evolving with many sensors joining and leaving the system. It also has a highly variable workload, since the information volume gathered by the sensors varies according to external stimulus. Example Application of DOI Defenses. Live information sources are inherently vulnerable to DOI attacks. For example, sensor networks can easily allow DOI attacks when the adversary hijacks some of the sensors, making them produce noise, obfuscating or distracting information, or disinformation. Our hypothesis is that currently known DOI defense techniques and tools may be effective in related application areas. For example, the solution to adversarial learning in camouflaged email spam may be applicable to distinguish camouflage sources (that produce misleading data in addition to legitimate data) from legitimate sources in other areas such as sensors, in addition to the identification of phishing messages and social phishing messages. Although these are clearly very difficult problems if we only applied text filtering, we may be able to find better solutions through the integration of multiple spam filtering techniques  that combines statistical learning filters and semantic interpretation of email content, e.g., URLs. 4. Evaluation Approach Systematic Evaluation of Automated DOI Defenses. One of the fundamental questions in automated DOI defense techniques is the evaluation method that demonstrates the superiority of that defense. For example, past evaluations of spam filters have compared their performance against manual inspection. Although manual inspection of emails is considered the “golden standard” without errors, it has inherent limitations (of up to a few thousands of messages) on the scale of those experiments to the evaluations. In comparison, we have advocated the use of large corpora (on the order of half a million messages) since we have found that evaluations done with smaller corpora yield large variances in experimental results . Using published small corpora, repeating the same experiments results in false positives ranging from 0% to 46% and false negatives ranging from 3% to 96%. For researchers in traditional machine learning areas such as speech recognition, the need for large corpora used in reproducible and comparable experiments would be unsurprising, since they have reached consensus for such need in early 90’s. Evaluation Method and Infrastructure. The large corpora used in our email experiments, the SpamArchive for confirmed spam messages and the Enron Corpus for legitimate messages, are in public domain. However, our study on the evolution of spam construction techniques  shows the need for maintaining updated large corpora for consistent evaluations of spam filters. Recent glitches in the volunteer-supported SpamArchive collection resulted in gaps during early 2006, showing the need for alternative public large collections. We have started such an effort in the collection of a large web spam corpus of about 350,000 web spam pages , the first of its kind to the best of our knowledge. In this work, we applied our experience and knowledge on spam email filtering to the web spam area. By assuming a connection between spam messages and web spam, we used URLs contained in spam messages to accumulate a corpus of web spam documents to support future web spam research that can evaluate their algorithms on published large corpora. This research will continue to contribute to the development of a systematic and reproducible evaluation method, including the publicly available large corpora as shared resources, on adversarial learning in particular and DOI research in general. Evaluation of Theoretical DOI Attacks. Part of the revolutionary advance in this research is the development of infrastructure and methods to evaluate the defense mechanisms developed for theoretical (predicted) DOI attacks such as spam over VoIP, targeted false positive attacks, and social network analysis attacks mentioned above. We anticipate the need for evaluation methods beyond traditional evaluation methods based on precision and recall. For example, our evolutionary study  shows some unexpected results of an observation-based study of spam construction techniques that is orthogonal to statistical learning. For example, collaborative filtering has been able to identify known “bad” URLs and put them into blacklists such as WS.SURBL.ORG, about 60% of spam messages continue to carry such URLs, despite their presence in the blacklists. There are two efforts on the evaluation of defense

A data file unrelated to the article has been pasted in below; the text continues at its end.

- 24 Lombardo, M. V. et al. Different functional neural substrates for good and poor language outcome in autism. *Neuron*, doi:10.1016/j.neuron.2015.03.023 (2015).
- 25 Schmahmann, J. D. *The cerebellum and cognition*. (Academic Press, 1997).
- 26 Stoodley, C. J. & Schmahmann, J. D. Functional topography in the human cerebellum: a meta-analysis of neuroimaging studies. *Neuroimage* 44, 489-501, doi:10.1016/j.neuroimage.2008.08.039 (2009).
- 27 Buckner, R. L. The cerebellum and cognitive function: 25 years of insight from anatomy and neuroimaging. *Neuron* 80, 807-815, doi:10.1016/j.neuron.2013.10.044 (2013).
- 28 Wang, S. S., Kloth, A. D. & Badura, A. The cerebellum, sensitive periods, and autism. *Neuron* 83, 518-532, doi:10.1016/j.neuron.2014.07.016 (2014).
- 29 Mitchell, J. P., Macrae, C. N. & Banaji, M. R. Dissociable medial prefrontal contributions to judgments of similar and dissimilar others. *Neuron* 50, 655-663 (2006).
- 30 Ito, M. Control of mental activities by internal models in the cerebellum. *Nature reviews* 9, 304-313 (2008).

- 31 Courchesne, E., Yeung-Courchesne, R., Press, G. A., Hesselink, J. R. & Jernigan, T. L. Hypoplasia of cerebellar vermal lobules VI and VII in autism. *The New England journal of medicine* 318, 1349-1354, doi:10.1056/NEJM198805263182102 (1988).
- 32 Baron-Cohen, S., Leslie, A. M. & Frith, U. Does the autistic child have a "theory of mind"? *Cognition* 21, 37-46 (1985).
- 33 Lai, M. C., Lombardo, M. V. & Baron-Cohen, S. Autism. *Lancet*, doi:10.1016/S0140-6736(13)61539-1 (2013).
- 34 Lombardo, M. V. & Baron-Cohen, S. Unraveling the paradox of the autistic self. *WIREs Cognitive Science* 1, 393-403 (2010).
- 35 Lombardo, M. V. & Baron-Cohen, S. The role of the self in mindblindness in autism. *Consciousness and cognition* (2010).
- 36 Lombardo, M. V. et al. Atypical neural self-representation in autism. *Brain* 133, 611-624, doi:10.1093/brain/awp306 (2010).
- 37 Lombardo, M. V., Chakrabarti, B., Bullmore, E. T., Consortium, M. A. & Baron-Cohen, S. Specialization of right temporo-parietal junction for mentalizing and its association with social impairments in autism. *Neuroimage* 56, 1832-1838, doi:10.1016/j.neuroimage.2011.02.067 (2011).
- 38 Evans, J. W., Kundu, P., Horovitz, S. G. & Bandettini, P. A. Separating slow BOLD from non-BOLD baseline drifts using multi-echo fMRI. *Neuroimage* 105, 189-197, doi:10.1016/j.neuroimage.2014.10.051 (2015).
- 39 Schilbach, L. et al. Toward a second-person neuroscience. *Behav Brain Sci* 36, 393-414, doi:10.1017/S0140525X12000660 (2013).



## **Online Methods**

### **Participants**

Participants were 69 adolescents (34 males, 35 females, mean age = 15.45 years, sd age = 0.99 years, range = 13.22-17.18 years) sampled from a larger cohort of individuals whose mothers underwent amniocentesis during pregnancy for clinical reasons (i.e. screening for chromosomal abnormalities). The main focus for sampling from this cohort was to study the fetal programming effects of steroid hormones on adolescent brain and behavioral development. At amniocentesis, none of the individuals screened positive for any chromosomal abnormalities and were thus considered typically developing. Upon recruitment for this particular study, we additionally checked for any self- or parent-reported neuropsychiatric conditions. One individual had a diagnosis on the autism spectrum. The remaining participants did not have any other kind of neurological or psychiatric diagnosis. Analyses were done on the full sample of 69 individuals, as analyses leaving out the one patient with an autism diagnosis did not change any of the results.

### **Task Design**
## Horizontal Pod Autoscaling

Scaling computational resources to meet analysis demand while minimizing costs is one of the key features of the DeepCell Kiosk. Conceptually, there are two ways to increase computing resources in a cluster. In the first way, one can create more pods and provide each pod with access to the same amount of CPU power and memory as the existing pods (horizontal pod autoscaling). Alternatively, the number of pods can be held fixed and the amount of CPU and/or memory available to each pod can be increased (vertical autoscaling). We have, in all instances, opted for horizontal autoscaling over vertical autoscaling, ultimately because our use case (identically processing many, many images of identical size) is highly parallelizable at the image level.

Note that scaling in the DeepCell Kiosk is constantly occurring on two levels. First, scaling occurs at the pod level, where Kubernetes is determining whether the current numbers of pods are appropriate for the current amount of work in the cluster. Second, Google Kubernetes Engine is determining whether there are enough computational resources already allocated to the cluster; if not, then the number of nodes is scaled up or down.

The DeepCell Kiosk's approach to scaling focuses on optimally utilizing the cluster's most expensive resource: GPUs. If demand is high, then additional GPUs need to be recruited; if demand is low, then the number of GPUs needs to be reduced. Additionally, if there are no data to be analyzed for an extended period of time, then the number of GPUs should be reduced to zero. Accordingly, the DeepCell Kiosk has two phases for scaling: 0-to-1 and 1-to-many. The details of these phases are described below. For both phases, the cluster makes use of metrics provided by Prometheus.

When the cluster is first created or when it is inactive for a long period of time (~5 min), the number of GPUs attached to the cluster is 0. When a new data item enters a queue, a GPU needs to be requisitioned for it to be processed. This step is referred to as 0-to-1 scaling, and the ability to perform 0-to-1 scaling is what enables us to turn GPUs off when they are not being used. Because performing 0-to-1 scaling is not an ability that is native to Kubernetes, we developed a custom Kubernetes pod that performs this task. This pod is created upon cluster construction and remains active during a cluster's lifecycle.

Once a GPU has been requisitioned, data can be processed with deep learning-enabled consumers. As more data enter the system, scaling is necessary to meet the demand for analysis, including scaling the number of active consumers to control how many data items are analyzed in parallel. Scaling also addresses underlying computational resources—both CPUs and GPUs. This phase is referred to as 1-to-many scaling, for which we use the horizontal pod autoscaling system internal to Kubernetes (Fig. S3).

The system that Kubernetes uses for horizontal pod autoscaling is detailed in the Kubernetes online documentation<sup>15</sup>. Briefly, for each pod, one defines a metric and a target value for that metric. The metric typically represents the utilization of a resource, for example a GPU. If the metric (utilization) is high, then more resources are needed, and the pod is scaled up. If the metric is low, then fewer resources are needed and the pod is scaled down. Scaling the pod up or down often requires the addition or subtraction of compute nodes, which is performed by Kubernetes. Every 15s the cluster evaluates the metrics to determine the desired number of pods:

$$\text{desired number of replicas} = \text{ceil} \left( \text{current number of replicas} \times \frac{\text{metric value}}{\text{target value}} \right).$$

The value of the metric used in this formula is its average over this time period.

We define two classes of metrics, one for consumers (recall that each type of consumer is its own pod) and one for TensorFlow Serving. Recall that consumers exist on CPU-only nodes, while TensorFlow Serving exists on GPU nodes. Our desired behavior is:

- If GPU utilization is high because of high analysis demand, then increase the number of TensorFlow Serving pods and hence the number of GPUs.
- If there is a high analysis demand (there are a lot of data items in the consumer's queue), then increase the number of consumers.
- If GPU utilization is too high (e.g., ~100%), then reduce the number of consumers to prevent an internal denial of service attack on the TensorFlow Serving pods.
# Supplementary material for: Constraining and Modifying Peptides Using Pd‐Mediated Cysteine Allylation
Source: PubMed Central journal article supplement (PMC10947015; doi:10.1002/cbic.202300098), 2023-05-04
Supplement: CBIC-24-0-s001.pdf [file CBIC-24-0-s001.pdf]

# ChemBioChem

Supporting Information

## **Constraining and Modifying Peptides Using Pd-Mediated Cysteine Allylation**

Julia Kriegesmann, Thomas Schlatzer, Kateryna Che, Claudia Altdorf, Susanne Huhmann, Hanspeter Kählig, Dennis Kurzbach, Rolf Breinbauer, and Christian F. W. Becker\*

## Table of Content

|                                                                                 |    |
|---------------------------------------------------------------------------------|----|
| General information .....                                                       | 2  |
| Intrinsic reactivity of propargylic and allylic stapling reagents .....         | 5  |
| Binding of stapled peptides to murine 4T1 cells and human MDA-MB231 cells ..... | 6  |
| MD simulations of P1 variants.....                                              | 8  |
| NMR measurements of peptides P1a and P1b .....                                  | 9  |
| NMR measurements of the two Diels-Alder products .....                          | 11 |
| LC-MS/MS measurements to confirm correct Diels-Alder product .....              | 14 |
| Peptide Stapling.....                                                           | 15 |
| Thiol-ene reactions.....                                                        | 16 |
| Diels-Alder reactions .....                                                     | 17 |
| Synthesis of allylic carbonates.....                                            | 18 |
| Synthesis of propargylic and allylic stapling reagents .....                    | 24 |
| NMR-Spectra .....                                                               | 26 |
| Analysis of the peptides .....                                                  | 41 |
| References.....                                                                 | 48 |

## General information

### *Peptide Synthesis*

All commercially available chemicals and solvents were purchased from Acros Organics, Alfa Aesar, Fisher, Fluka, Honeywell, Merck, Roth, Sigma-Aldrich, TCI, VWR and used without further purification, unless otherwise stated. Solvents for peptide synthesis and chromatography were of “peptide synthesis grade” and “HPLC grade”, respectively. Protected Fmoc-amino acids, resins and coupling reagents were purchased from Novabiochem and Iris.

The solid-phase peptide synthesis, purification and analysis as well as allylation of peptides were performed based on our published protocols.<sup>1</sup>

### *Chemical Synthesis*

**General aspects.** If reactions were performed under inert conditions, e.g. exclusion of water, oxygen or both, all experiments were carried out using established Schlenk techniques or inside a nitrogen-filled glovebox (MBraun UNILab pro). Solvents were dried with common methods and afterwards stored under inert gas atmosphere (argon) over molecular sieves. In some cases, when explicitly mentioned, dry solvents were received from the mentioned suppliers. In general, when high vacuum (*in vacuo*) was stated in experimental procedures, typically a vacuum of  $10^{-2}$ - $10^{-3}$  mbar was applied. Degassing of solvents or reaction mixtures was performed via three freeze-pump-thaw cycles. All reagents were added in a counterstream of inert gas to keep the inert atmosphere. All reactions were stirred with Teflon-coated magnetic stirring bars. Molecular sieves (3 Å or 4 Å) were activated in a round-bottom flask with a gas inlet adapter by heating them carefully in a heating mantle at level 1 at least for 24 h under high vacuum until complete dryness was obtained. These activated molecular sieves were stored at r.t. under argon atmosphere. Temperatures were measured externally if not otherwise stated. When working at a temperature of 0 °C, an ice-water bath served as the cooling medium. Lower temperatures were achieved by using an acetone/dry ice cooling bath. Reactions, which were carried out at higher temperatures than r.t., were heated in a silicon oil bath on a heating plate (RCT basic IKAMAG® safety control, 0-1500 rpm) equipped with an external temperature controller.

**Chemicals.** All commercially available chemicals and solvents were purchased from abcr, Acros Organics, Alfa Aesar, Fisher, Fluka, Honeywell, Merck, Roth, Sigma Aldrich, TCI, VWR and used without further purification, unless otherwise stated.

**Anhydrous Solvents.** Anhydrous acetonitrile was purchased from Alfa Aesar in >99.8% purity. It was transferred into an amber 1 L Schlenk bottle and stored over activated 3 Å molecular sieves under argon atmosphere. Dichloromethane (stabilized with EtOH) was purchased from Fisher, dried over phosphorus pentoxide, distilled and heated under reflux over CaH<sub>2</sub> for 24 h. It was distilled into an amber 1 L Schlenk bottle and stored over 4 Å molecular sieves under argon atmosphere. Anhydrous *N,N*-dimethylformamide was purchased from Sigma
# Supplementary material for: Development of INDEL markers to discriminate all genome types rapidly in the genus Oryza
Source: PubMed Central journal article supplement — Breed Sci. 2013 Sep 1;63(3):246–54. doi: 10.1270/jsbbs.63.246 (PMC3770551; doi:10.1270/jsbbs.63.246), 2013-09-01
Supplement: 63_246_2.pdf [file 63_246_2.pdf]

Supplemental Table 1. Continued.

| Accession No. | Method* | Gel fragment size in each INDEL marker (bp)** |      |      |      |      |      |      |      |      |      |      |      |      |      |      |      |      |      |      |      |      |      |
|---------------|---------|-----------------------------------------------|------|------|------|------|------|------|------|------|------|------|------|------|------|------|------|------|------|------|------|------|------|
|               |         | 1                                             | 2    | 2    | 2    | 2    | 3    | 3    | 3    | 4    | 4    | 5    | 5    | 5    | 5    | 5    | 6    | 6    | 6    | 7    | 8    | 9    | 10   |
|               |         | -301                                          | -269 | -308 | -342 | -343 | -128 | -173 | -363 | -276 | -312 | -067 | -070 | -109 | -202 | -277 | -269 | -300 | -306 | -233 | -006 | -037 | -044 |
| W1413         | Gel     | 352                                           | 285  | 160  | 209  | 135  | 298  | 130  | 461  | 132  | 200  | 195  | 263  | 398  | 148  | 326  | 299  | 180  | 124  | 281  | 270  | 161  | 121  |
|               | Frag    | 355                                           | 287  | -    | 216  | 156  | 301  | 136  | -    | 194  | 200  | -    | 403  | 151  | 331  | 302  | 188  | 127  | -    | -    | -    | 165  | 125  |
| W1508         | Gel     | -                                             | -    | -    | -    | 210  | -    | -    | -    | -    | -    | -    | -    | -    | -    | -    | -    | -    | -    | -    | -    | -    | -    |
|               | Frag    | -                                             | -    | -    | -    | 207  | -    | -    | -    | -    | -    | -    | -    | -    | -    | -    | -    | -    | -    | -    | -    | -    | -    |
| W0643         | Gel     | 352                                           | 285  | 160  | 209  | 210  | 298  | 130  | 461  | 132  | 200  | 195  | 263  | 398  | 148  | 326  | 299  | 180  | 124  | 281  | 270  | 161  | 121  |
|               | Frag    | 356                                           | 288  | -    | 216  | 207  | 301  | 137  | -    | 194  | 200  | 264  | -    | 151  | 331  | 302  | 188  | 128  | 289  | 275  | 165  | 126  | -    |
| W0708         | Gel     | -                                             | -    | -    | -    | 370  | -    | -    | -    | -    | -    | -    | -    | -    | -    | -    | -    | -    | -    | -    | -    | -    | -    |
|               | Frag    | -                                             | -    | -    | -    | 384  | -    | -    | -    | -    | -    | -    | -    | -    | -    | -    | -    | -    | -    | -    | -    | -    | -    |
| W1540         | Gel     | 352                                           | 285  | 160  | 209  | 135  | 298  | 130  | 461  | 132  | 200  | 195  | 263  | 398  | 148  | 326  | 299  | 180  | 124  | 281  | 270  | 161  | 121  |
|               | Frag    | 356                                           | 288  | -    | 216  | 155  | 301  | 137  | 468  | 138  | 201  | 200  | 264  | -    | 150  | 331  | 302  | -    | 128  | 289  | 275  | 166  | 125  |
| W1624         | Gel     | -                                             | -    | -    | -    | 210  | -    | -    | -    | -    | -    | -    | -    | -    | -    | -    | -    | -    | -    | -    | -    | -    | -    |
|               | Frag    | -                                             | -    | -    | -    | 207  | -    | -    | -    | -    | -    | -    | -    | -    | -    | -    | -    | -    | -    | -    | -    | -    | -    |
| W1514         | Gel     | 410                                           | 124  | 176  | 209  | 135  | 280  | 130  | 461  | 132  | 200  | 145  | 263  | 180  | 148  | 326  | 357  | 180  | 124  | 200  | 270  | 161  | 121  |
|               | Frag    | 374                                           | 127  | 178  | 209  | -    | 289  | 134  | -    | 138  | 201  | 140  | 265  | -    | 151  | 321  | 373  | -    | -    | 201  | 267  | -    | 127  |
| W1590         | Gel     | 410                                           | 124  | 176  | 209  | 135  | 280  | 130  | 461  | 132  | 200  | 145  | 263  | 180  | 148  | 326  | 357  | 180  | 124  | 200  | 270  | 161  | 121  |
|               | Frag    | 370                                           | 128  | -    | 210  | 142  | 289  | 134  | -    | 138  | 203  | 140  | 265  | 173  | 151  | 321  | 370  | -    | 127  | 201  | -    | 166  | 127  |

mechanism to handle theoretical DOI attacks predicted by our research. One is on the construction of reasonable collections for evaluation before the real attacks start, a capability that would allow us to evaluate the defense mechanisms effectively and preemptively. The other is the design of novel evaluation methods such as the evolutionary study .